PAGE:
Mr. Skeens reminded the Council of the upcoming District webinar (April 19, 2022) and the public comment deadline of May 11, 2022.
5) Flow-Dependent Benefits and Values of Water Resources in the Upper Oconee Region – Dr. Gail Cowie (Georgia Water Planning & Policy Center (GWPPC))
Dr. Gail Cowie (GWPPPC) gave a presentation on the Seed Grant project, Flow-Dependent Benefits and Values of Water Resources in the Upper Oconee Region. Dr. Cowie introduced herself by emphasizing her connection to the Oconee Basin and water planning in general, and then thanked the Council for their service.
Dr. Cowie noted that while the current regional water plans recognize a wide range of uses for all basins, this Seed Grant project provides basin-specific information on additional benefits and values of interest to Upper Oconee stakeholders. She explained that the two main sources of stakeholder input were water users in the basin as well as scientific/technical studies. Forty-eight people participated through interviews and meetings. Interactive maps were used to collect data. Products and deliverables include maps, reports, and a project summary.
The project identified multiple benefits and values which, based on participant input, were grouped in seven categories: water supply, water quality and wastewater assimilation, direct economic value, recreation on lakes and rivers, aquatic habitat and species, recreation and habitat on adjacent lands, and environmental and historical education.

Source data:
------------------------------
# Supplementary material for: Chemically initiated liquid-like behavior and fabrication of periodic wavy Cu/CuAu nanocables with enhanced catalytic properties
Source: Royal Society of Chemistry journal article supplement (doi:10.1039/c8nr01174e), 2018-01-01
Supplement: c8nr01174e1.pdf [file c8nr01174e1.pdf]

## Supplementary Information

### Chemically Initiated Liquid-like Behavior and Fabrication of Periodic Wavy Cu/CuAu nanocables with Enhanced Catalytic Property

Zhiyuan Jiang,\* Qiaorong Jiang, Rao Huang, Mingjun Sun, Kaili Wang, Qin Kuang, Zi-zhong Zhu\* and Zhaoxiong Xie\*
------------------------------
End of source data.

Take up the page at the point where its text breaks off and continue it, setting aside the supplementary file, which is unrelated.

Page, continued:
Dr. Cowie presented an interactive map depicting participant input in these seven categories. Sites identified as important by participants include reaches used for water supply and wastewater assimilation; river and lake recreational sites; and fish and wildlife habitat (instream and along riparian areas and connected floodplains). She demonstrated how the map could be filtered to select benefits of interest, locations, and/or data sources.
Dr. Cowie then explained how the Seed Grant project could inform the metrics used to evaluate the results of the Basin Environmental Assessment Model (BEAM) used to derive the surface water availability resource assessments. She emphasized that, for this project, a “metric” is defined as a numeric threshold that either supports a use or benefit or produces an undesirable condition for a use or benefit. The Seed Grant project produced new information that could be used to evaluate BEAM modeling results, specifically for boating recreation and fish and wildlife habitat.
Dr. Cowie summarized the status of project, noting that she was collecting comments. She then asked the Council to review the website and draft summary report and to consider how the Seed Grant results might be incorporated into the Upper Oconee Council plan.
Question from Zoom chat: Can you please give an example of an historical site?
- Dr. Cowie responded that Skull Shoals in Greene County is an example of a site that has historical significance.
6) Surface Water Resource Assessment (BEAM Update) – Dr. Wei Zeng (EPD)
Please see posted slide presentation for more information on this agenda item.
Dr. Wei Zeng (EPD) gave an update on the Basin Environmental Assessment Model (BEAM). He explained how the model differed from previous planning models, particularly with respect to the increase in nodes and improved spatial resolution. He also noted that the period of record from which data was collected spans 1939 – 2018.